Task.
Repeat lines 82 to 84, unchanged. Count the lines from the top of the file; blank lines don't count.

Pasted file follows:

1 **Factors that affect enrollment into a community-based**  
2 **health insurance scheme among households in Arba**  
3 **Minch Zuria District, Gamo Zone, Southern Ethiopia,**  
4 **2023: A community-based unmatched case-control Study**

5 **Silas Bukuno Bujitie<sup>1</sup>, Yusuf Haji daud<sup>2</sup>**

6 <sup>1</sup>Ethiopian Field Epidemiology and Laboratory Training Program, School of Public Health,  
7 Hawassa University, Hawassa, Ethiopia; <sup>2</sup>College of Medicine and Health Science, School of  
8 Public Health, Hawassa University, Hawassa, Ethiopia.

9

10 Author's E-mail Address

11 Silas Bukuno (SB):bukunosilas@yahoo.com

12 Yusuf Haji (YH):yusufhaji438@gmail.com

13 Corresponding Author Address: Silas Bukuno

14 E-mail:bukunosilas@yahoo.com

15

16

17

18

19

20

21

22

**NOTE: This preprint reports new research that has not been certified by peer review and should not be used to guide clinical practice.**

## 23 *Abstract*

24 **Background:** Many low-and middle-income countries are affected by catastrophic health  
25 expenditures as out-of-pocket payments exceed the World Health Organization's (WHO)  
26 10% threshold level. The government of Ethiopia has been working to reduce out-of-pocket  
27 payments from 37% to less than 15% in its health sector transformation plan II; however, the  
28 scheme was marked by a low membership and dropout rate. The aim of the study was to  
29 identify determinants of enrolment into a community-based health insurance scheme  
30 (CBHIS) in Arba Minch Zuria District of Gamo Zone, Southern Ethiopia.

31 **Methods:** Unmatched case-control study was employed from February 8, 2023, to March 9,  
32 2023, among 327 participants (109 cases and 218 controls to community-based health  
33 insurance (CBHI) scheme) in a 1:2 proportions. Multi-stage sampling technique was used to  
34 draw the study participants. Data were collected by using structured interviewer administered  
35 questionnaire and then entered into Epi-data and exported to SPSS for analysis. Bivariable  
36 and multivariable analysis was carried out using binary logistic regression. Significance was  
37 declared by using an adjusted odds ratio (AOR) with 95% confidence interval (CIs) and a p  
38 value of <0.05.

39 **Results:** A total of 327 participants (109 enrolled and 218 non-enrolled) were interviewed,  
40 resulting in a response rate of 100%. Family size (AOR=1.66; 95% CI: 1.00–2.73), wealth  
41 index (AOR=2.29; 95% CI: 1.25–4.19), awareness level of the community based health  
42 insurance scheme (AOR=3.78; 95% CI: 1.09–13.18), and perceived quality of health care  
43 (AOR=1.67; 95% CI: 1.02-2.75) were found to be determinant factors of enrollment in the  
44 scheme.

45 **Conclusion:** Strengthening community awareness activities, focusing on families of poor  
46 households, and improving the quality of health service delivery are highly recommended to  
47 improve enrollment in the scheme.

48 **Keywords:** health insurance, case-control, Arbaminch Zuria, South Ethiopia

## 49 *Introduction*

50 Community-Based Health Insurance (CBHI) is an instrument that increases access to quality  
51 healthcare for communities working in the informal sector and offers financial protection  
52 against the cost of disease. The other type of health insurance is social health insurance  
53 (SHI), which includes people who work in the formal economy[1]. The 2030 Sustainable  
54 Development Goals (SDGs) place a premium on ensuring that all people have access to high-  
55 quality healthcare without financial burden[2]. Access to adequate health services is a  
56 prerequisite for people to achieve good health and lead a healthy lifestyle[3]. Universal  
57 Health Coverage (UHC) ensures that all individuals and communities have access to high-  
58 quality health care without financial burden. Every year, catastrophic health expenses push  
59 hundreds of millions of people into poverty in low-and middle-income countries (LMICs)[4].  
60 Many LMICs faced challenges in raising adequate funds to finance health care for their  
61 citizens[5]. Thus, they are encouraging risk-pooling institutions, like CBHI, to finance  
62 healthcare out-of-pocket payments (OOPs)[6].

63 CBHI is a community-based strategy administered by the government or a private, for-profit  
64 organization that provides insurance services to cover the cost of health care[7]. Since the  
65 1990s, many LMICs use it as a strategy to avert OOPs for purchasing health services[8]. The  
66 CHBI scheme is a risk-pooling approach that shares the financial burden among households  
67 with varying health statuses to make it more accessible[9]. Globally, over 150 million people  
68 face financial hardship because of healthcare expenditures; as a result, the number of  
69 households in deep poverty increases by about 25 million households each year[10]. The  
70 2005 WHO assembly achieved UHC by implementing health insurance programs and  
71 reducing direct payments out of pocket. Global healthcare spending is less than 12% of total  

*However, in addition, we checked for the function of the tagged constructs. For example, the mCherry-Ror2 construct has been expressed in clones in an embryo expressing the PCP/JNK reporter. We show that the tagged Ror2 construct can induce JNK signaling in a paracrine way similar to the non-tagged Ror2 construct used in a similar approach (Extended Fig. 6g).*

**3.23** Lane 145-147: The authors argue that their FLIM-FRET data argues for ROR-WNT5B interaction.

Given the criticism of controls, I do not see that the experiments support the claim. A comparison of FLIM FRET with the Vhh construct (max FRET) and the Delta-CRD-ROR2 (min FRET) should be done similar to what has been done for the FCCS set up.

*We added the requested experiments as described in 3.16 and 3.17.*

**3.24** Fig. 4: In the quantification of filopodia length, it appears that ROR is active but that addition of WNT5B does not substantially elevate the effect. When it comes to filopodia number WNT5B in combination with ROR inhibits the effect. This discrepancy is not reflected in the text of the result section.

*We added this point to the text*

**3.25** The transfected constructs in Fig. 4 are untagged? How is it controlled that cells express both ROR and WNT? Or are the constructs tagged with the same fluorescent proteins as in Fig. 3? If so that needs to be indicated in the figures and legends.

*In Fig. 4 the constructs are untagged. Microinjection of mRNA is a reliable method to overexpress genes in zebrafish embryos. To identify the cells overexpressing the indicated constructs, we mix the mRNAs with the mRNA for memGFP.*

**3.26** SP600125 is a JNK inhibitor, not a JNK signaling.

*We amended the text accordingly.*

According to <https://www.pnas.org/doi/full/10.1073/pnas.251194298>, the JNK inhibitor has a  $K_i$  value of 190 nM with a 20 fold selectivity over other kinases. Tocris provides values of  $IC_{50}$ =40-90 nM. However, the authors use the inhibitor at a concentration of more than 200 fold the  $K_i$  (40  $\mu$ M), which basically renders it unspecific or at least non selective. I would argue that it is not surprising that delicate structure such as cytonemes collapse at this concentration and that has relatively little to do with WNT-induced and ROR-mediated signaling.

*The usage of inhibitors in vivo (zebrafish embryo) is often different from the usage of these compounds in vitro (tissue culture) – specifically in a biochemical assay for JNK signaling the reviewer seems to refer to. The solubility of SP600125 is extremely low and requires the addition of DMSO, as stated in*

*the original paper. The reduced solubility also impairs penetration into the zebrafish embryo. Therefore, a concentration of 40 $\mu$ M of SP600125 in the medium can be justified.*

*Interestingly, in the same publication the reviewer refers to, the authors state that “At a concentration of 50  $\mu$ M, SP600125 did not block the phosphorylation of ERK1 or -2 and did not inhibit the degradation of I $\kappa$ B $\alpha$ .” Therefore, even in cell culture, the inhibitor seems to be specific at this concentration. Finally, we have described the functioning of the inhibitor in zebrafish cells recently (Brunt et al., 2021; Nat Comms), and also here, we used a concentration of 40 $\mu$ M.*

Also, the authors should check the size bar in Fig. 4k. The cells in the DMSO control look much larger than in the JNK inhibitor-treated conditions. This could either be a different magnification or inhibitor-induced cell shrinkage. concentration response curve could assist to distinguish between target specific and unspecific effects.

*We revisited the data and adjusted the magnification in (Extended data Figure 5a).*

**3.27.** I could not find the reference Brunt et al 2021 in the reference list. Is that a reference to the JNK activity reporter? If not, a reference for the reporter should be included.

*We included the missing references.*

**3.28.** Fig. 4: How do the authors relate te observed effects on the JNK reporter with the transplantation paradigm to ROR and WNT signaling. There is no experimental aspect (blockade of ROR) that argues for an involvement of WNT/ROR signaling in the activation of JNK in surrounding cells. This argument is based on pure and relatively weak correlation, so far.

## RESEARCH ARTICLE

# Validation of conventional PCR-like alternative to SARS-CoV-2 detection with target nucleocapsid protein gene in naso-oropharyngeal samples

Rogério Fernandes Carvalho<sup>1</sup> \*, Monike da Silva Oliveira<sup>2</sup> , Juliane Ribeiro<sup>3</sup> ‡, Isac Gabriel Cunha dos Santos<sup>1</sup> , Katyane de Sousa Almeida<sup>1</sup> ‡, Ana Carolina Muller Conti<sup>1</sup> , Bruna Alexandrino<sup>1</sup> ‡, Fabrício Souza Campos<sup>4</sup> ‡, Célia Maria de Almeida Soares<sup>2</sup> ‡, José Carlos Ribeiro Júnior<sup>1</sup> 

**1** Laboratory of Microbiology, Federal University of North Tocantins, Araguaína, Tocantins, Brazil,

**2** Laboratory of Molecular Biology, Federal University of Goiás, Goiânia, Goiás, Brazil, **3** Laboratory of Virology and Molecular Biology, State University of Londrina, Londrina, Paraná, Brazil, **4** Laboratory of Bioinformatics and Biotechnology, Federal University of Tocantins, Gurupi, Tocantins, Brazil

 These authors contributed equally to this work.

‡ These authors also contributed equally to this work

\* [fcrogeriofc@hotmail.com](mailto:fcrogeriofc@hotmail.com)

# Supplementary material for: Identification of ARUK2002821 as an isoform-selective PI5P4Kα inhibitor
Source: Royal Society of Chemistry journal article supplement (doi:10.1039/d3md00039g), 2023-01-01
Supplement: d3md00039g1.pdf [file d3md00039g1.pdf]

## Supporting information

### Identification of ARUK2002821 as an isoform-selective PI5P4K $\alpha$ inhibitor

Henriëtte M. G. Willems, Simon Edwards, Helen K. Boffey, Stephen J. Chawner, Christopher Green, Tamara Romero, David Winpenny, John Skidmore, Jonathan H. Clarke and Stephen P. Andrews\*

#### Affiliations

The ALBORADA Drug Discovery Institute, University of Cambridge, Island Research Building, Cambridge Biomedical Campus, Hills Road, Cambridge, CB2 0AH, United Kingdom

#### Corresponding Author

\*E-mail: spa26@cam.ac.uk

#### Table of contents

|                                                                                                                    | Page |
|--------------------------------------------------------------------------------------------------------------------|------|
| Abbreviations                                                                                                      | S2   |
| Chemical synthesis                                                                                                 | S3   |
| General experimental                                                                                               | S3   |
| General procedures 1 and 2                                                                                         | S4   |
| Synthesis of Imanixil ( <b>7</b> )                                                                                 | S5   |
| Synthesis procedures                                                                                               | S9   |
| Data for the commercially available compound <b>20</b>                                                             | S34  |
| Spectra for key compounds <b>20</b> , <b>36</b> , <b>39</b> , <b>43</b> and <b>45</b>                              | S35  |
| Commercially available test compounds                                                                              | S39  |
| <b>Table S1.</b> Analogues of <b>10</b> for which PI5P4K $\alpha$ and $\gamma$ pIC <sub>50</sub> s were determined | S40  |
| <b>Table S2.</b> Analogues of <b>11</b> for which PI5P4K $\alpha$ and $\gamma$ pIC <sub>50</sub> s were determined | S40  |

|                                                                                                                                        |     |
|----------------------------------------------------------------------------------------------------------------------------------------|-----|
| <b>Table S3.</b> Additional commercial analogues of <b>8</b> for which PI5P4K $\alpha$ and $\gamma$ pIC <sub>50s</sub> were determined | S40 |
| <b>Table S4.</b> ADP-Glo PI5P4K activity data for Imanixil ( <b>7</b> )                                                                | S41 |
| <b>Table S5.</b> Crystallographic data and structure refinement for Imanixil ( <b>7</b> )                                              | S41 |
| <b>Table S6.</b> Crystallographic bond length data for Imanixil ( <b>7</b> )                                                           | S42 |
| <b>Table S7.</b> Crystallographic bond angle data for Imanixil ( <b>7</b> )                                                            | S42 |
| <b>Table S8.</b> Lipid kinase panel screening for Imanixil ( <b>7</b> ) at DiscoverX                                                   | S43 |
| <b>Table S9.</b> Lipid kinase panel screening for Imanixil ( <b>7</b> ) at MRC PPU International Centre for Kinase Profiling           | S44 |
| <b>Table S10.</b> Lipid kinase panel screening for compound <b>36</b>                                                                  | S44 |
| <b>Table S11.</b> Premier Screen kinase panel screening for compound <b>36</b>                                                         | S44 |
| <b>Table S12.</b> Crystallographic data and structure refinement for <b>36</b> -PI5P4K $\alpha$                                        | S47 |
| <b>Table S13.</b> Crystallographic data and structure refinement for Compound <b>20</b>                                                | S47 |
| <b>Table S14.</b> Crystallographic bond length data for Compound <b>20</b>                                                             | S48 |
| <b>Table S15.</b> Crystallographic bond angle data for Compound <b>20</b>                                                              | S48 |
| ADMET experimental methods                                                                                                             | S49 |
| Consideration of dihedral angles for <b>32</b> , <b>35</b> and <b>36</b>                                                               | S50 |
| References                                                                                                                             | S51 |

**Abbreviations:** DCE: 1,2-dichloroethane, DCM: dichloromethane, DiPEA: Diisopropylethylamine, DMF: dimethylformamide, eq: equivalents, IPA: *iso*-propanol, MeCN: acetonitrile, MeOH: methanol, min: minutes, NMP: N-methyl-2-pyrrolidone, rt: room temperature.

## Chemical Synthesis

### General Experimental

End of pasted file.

*We amended the text accordingly.*

According to <https://www.pnas.org/doi/full/10.1073/pnas.251194298>, the JNK inhibitor has a  $K_i$  value of 190 nM with a 20 fold selectivity over other kinases. Tocris provides values of  $IC_{50}$ =40-90 nM. However, the authors use the inhibitor at a concentration of more than 200 fold the  $K_i$  (40  $\mu$ M), which basically renders it unspecific or at least non selective. I would argue that it is not surprising that delicate structure such as cytonemes collapse at this concentration and that has relatively little to do with WNT-induced and ROR-mediated signaling.

*The usage of inhibitors in vivo (zebrafish embryo) is often different from the usage of these compounds in vitro (tissue culture) – specifically in a biochemical assay for JNK signaling the reviewer seems to refer to. The solubility of SP600125 is extremely low and requires the addition of DMSO, as stated in*